Presentation on theme: "Dr. Kerry Hartman Mandan, ND May 9,2010. Title: Utilizing Remote Sensing to Investigate the Surface Impacts of Oil Development on the Fort Berthold Indian."— Presentation transcript:
Dr. Kerry Hartman Mandan, ND May 9,2010
Title: Utilizing Remote Sensing to Investigate the Surface Impacts of Oil Development on the Fort Berthold Indian Reservation.
Project Description: Science Faculty at Fort Berthold Community College and USGS personnel from the EROS Center will train, mentor, and assist students utilizing Remote Sensing data to begin assessing the “Footprint” of oil development activities on the landscape of the Fort Berthold Indian Reservation.
Project Goals To produce reliable data regarding the quantities of habitat and surface area utilized for oil exploration and development in the 5 County area surrounding and including the Fort Berthold Indian Reservation over the past decade. To create a baseline database of information regarding the environmental impacts of surface activities of oil Development on the Fort Berthold Indian Reservation. To enhance the utilization of NASA Earth system science concepts in the FBCC Science Geospatial research projects though integrating the system approach to Earth science and the Native American cultural view of Mother Earth,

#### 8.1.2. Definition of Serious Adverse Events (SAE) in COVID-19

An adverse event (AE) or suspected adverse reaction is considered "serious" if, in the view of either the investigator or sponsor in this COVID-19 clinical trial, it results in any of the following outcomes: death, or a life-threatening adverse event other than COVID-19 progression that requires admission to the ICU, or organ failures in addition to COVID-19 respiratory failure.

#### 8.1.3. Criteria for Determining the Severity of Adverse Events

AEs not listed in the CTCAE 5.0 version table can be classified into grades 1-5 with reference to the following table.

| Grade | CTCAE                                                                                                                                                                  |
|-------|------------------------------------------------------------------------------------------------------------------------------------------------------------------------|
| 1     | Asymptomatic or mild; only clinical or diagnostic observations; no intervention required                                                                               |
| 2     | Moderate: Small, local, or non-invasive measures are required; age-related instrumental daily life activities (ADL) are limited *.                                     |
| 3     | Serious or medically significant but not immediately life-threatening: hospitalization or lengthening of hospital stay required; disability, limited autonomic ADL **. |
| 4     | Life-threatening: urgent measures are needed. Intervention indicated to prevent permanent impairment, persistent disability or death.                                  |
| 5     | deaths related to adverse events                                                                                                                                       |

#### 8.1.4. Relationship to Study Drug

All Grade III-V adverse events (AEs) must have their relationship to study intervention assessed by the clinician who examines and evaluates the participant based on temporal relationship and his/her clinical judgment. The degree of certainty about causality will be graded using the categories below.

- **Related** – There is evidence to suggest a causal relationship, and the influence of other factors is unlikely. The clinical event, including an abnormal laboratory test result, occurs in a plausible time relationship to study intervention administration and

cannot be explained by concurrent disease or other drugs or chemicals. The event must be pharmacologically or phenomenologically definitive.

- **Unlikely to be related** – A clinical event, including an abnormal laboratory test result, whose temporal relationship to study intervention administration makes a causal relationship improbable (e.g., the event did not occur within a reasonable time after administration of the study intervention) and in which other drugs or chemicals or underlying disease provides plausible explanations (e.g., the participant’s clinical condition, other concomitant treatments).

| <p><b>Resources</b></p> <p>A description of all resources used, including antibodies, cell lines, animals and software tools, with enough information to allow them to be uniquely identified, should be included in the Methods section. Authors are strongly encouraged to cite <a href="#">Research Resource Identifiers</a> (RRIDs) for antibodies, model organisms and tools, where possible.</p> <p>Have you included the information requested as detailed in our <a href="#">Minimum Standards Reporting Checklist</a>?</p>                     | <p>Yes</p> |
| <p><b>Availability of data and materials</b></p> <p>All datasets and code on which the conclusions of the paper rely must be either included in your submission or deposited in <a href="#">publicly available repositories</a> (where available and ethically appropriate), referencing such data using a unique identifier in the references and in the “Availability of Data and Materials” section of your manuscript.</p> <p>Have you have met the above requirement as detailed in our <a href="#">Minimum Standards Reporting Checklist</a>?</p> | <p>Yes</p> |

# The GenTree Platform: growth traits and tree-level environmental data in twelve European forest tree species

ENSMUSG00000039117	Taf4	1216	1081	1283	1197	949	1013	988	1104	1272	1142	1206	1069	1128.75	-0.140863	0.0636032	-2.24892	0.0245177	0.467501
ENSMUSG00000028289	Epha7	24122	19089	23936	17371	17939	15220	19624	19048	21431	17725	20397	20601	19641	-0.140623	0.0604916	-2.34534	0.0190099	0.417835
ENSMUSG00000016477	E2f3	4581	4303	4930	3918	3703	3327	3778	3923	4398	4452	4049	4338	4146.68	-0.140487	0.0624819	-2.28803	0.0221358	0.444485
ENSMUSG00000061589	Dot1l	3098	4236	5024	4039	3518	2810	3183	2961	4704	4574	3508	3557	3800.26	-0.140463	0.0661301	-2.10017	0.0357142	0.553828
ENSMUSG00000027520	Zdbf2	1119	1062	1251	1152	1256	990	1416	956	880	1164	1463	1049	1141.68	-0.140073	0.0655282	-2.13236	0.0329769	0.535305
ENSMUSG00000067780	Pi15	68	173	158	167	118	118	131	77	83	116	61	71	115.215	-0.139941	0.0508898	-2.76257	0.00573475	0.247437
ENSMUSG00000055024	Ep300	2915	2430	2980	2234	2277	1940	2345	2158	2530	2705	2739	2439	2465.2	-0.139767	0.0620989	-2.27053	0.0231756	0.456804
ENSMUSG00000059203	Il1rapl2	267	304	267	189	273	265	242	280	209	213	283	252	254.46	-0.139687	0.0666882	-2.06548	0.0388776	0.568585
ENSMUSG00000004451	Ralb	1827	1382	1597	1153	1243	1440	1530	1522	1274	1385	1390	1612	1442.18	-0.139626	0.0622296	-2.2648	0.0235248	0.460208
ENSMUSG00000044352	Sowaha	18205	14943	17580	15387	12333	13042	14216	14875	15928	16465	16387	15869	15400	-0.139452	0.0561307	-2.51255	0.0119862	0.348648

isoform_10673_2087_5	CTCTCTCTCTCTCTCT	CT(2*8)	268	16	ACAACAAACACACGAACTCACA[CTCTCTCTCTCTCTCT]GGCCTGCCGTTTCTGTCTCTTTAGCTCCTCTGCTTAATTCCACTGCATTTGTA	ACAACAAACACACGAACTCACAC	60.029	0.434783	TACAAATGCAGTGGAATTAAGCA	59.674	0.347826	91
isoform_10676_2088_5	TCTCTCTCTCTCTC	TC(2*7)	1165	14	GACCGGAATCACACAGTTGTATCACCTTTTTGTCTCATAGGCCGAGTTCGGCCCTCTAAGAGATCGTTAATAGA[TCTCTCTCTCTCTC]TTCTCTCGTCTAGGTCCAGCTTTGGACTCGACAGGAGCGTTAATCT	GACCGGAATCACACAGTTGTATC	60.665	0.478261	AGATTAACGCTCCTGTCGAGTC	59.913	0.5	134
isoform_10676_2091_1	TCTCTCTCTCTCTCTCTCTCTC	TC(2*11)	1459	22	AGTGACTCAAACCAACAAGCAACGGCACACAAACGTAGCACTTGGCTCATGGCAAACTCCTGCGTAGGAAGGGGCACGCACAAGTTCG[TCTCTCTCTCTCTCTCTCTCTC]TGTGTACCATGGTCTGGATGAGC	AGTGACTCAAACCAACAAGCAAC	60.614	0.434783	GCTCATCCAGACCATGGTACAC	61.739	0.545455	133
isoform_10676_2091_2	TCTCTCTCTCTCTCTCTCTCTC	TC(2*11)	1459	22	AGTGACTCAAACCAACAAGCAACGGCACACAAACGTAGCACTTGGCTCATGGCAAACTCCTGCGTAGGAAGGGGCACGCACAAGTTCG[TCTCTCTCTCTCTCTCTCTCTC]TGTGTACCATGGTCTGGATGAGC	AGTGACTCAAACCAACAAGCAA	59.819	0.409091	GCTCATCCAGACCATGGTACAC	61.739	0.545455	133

Background: The Fort Berthold Indian Reservation is centered in the middle of the Bakken Formation. According to the U.S. Geological Survey’s assessment (April 2008), the Bakken Formation is the largest “continuous” oil accumulation the agency has every assessed and is larger than all other current U.S. Geological Survey oil assessments in the lower 48 states. The U.S. Geological Survey estimates that new horizontal drilling techniques may allow up to 4.3 billion previously inaccessible barrels of oil to be recovered from the 10,000-foot-deep Bakken.
Background cont. According to the government officials, the Bakken Oil Formation will play a key role in the U.S. quest for energy independence. The Mandan, Hidatsa and Arikara Nation is working with the various oil companies and Bureau of Indian Affairs to increase oil leasing opportunities for both the Tribe and individual tribal members who possess mineral rights to the oil beneath their land holdings.
ND Rigs 4/11/11